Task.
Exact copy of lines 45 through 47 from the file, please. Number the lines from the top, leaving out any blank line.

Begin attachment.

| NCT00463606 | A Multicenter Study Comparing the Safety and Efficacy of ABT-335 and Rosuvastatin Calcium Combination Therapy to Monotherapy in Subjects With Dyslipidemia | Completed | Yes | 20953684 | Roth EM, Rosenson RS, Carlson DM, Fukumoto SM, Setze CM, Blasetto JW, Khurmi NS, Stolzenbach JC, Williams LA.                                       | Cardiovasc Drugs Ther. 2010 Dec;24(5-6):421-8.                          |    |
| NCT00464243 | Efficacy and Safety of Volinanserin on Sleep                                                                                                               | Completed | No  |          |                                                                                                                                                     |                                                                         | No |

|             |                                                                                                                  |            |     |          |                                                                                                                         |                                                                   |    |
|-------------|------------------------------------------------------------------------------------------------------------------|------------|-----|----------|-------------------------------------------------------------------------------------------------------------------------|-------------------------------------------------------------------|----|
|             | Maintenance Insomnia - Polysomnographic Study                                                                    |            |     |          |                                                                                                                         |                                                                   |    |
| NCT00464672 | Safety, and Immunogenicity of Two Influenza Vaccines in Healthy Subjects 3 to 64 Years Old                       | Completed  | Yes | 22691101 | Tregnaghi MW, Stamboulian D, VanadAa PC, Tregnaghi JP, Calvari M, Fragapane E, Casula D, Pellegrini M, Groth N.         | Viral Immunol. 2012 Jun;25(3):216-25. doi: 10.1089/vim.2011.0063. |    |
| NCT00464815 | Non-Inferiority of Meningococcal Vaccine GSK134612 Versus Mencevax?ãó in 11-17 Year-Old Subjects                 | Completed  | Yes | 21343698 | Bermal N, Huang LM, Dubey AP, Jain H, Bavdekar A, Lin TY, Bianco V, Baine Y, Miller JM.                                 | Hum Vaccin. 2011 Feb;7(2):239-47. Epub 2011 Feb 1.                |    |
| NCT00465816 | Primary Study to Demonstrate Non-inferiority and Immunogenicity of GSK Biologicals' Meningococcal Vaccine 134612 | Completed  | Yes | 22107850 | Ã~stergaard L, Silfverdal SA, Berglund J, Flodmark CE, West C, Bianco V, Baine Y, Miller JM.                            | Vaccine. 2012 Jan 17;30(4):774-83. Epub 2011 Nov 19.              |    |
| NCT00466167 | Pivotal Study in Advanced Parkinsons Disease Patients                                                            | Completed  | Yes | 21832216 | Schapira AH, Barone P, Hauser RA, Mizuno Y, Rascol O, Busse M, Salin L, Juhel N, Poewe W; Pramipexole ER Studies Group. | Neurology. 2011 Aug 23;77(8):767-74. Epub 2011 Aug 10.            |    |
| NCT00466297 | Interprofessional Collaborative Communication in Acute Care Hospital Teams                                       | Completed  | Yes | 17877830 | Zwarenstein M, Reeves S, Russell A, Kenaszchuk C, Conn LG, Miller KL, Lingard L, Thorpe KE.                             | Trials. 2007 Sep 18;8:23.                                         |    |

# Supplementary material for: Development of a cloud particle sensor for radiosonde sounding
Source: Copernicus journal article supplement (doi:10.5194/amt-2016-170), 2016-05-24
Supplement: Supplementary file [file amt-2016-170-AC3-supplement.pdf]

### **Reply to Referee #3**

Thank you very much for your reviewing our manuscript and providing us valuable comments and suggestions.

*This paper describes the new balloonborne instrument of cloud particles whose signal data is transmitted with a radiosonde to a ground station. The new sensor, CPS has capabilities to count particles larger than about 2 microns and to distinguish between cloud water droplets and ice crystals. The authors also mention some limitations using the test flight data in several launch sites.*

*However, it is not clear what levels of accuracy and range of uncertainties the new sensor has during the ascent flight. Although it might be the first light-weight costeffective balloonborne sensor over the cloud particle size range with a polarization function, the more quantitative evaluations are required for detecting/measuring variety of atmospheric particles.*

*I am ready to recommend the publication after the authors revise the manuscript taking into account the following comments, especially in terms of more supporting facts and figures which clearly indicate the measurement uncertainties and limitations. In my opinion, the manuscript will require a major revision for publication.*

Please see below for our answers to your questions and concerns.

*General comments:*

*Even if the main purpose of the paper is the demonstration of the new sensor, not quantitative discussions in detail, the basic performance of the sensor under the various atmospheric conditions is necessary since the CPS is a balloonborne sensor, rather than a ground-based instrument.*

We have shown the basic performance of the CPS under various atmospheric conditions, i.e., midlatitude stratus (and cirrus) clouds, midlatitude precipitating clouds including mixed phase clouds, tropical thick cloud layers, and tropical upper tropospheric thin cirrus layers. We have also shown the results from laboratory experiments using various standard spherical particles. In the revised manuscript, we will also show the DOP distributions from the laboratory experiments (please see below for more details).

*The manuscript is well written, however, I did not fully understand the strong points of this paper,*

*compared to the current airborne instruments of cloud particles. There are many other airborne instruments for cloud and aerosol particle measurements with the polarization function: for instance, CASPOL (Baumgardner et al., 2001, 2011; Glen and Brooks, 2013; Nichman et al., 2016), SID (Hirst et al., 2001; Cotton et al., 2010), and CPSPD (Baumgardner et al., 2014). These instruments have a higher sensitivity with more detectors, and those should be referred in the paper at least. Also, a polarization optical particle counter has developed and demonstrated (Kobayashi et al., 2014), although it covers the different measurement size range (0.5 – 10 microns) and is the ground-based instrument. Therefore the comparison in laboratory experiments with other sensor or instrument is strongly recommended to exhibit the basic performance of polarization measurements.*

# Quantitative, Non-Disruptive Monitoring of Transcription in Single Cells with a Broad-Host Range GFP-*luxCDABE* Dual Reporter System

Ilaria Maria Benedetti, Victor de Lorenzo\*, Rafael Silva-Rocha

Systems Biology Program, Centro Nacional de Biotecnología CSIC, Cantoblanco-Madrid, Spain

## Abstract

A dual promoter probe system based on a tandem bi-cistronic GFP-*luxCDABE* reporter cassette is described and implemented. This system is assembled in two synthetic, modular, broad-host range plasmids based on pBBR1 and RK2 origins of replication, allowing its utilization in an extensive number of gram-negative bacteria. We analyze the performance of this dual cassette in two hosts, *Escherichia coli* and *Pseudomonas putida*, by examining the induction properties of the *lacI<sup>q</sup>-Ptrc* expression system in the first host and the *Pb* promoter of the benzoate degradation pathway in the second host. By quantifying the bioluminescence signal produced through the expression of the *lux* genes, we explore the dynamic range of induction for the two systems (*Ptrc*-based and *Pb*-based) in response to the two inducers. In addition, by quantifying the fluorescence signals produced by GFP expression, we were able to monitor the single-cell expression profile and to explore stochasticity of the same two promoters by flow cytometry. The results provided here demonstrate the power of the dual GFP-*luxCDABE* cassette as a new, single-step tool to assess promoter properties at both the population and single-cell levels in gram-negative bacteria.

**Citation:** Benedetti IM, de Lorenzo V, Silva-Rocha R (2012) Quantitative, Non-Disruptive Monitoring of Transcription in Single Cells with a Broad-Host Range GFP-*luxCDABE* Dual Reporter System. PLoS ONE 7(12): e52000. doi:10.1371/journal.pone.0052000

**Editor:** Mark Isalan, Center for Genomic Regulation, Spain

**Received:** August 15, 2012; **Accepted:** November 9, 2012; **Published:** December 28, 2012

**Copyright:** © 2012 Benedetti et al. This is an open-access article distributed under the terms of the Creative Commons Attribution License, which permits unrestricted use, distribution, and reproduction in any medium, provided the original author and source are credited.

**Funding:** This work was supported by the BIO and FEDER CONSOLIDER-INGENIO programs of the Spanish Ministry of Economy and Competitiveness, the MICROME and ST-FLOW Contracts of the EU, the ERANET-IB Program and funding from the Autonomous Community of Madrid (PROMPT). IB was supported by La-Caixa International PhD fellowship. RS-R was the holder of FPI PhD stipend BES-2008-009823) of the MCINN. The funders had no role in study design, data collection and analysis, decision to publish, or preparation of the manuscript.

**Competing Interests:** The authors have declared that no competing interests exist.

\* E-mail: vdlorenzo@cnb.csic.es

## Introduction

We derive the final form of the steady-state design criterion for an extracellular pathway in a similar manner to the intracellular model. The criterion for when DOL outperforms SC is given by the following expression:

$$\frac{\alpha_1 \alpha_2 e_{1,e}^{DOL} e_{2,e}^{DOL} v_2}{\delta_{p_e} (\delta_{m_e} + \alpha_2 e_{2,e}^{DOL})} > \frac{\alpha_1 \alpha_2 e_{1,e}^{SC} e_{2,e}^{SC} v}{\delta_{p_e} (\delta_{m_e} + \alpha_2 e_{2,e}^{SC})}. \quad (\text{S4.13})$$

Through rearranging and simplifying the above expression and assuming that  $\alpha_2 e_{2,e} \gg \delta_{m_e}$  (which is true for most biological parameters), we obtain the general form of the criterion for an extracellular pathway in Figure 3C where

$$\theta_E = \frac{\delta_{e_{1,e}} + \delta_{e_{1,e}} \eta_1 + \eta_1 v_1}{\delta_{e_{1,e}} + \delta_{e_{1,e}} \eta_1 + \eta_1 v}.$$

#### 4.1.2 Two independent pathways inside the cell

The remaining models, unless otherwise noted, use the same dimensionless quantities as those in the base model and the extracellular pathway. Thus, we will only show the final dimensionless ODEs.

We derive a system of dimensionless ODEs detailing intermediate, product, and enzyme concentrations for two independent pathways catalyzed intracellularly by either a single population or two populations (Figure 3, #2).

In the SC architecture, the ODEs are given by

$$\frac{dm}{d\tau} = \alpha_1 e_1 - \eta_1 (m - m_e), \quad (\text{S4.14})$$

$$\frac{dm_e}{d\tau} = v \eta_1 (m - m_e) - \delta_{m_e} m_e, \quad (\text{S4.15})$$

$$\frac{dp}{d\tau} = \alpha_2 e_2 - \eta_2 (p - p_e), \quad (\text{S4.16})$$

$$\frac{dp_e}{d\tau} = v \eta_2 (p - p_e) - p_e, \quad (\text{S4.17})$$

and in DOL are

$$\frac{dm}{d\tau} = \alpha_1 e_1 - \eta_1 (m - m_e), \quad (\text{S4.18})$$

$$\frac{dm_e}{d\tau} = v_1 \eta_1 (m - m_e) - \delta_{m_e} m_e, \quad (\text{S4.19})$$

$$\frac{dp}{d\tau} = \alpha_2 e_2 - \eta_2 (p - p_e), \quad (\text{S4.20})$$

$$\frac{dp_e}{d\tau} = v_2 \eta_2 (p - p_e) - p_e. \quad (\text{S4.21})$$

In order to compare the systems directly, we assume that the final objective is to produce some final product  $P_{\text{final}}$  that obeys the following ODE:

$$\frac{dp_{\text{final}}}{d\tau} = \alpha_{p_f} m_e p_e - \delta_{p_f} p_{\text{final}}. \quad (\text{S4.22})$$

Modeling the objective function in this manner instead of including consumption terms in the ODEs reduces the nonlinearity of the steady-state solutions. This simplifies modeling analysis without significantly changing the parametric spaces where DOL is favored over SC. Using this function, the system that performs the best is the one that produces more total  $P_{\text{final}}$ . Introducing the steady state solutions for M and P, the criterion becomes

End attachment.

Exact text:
In the SC architecture, the ODEs are given by

$$\frac{dm}{d\tau} = \alpha_1 e_1 - \eta_1 (m - m_e), \quad (\text{S4.14})$$

$$\frac{dm_e}{d\tau} = v \eta_1 (m - m_e) - \delta_{m_e} m_e, \quad (\text{S4.15})$$